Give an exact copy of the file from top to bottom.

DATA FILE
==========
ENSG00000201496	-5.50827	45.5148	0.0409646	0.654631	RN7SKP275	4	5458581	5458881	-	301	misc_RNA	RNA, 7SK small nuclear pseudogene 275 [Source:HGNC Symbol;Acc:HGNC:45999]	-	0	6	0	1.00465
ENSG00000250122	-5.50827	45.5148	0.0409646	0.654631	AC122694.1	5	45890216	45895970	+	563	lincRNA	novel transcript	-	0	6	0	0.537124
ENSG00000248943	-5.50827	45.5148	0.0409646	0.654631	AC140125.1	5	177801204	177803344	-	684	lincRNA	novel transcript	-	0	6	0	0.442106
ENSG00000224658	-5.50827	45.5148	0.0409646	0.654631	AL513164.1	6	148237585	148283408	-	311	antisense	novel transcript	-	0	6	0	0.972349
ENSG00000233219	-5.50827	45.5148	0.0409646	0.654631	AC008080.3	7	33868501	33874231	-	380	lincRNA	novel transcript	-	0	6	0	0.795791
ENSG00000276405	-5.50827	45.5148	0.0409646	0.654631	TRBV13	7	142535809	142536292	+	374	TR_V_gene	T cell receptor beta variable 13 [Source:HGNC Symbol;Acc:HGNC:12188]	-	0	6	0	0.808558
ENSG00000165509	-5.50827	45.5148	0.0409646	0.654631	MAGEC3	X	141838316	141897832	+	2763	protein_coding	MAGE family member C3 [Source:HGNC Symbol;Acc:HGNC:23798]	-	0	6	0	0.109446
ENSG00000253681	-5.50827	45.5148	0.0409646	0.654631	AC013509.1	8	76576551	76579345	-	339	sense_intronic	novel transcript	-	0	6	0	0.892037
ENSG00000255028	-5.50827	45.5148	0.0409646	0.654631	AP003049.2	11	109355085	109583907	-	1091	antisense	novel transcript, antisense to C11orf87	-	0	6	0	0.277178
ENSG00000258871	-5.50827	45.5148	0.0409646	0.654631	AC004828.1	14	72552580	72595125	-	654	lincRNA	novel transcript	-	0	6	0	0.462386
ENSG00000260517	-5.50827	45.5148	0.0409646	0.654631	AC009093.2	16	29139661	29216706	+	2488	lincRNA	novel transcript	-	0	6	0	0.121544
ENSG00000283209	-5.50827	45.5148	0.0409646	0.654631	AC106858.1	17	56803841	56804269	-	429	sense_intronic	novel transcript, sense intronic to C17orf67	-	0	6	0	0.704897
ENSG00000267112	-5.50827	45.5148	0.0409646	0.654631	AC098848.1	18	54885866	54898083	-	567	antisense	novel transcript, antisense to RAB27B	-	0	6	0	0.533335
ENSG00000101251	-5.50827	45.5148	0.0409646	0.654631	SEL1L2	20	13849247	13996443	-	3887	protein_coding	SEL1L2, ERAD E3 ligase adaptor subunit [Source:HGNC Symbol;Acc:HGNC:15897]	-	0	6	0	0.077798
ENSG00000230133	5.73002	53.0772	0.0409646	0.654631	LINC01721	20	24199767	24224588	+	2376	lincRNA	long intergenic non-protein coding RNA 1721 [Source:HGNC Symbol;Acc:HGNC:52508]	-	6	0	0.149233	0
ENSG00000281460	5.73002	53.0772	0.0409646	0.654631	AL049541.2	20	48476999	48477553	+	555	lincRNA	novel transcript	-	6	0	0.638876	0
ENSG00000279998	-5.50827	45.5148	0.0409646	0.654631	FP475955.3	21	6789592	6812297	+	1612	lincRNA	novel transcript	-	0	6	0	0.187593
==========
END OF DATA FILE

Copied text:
ENSG00000201496	-5.50827	45.5148	0.0409646	0.654631	RN7SKP275	4	5458581	5458881	-	301	misc_RNA	RNA, 7SK small nuclear pseudogene 275 [Source:HGNC Symbol;Acc:HGNC:45999]	-	0	6	0	1.00465
ENSG00000250122	-5.50827	45.5148	0.0409646	0.654631	AC122694.1	5	45890216	45895970	+	563	lincRNA	novel transcript	-	0	6	0	0.537124
ENSG00000248943	-5.50827	45.5148	0.0409646	0.654631	AC140125.1	5	177801204	177803344	-	684	lincRNA	novel transcript	-	0	6	0	0.442106
ENSG00000224658	-5.50827	45.5148	0.0409646	0.654631	AL513164.1	6	148237585	148283408	-	311	antisense	novel transcript	-	0	6	0	0.972349
ENSG00000233219	-5.50827	45.5148	0.0409646	0.654631	AC008080.3	7	33868501	33874231	-	380	lincRNA	novel transcript	-	0	6	0	0.795791
ENSG00000276405	-5.50827	45.5148	0.0409646	0.654631	TRBV13	7	142535809	142536292	+	374	TR_V_gene	T cell receptor beta variable 13 [Source:HGNC Symbol;Acc:HGNC:12188]	-	0	6	0	0.808558
ENSG00000165509	-5.50827	45.5148	0.0409646	0.654631	MAGEC3	X	141838316	141897832	+	2763	protein_coding	MAGE family member C3 [Source:HGNC Symbol;Acc:HGNC:23798]	-	0	6	0	0.109446
ENSG00000253681	-5.50827	45.5148	0.0409646	0.654631	AC013509.1	8	76576551	76579345	-	339	sense_intronic	novel transcript	-	0	6	0	0.892037
ENSG00000255028	-5.50827	45.5148	0.0409646	0.654631	AP003049.2	11	109355085	109583907	-	1091	antisense	novel transcript, antisense to C11orf87	-	0	6	0	0.277178
ENSG00000258871	-5.50827	45.5148	0.0409646	0.654631	AC004828.1	14	72552580	72595125	-	654	lincRNA	novel transcript	-	0	6	0	0.462386
ENSG00000260517	-5.50827	45.5148	0.0409646	0.654631	AC009093.2	16	29139661	29216706	+	2488	lincRNA	novel transcript	-	0	6	0	0.121544
ENSG00000283209	-5.50827	45.5148	0.0409646	0.654631	AC106858.1	17	56803841	56804269	-	429	sense_intronic	novel transcript, sense intronic to C17orf67	-	0	6	0	0.704897
ENSG00000267112	-5.50827	45.5148	0.0409646	0.654631	AC098848.1	18	54885866	54898083	-	567	antisense	novel transcript, antisense to RAB27B	-	0	6	0	0.533335
ENSG00000101251	-5.50827	45.5148	0.0409646	0.654631	SEL1L2	20	13849247	13996443	-	3887	protein_coding	SEL1L2, ERAD E3 ligase adaptor subunit [Source:HGNC Symbol;Acc:HGNC:15897]	-	0	6	0	0.077798
ENSG00000230133	5.73002	53.0772	0.0409646	0.654631	LINC01721	20	24199767	24224588	+	2376	lincRNA	long intergenic non-protein coding RNA 1721 [Source:HGNC Symbol;Acc:HGNC:52508]	-	6	0	0.149233	0
ENSG00000281460	5.73002	53.0772	0.0409646	0.654631	AL049541.2	20	48476999	48477553	+	555	lincRNA	novel transcript	-	6	0	0.638876	0
ENSG00000279998	-5.50827	45.5148	0.0409646	0.654631	FP475955.3	21	6789592	6812297	+	1612	lincRNA	novel transcript	-	0	6	0	0.187593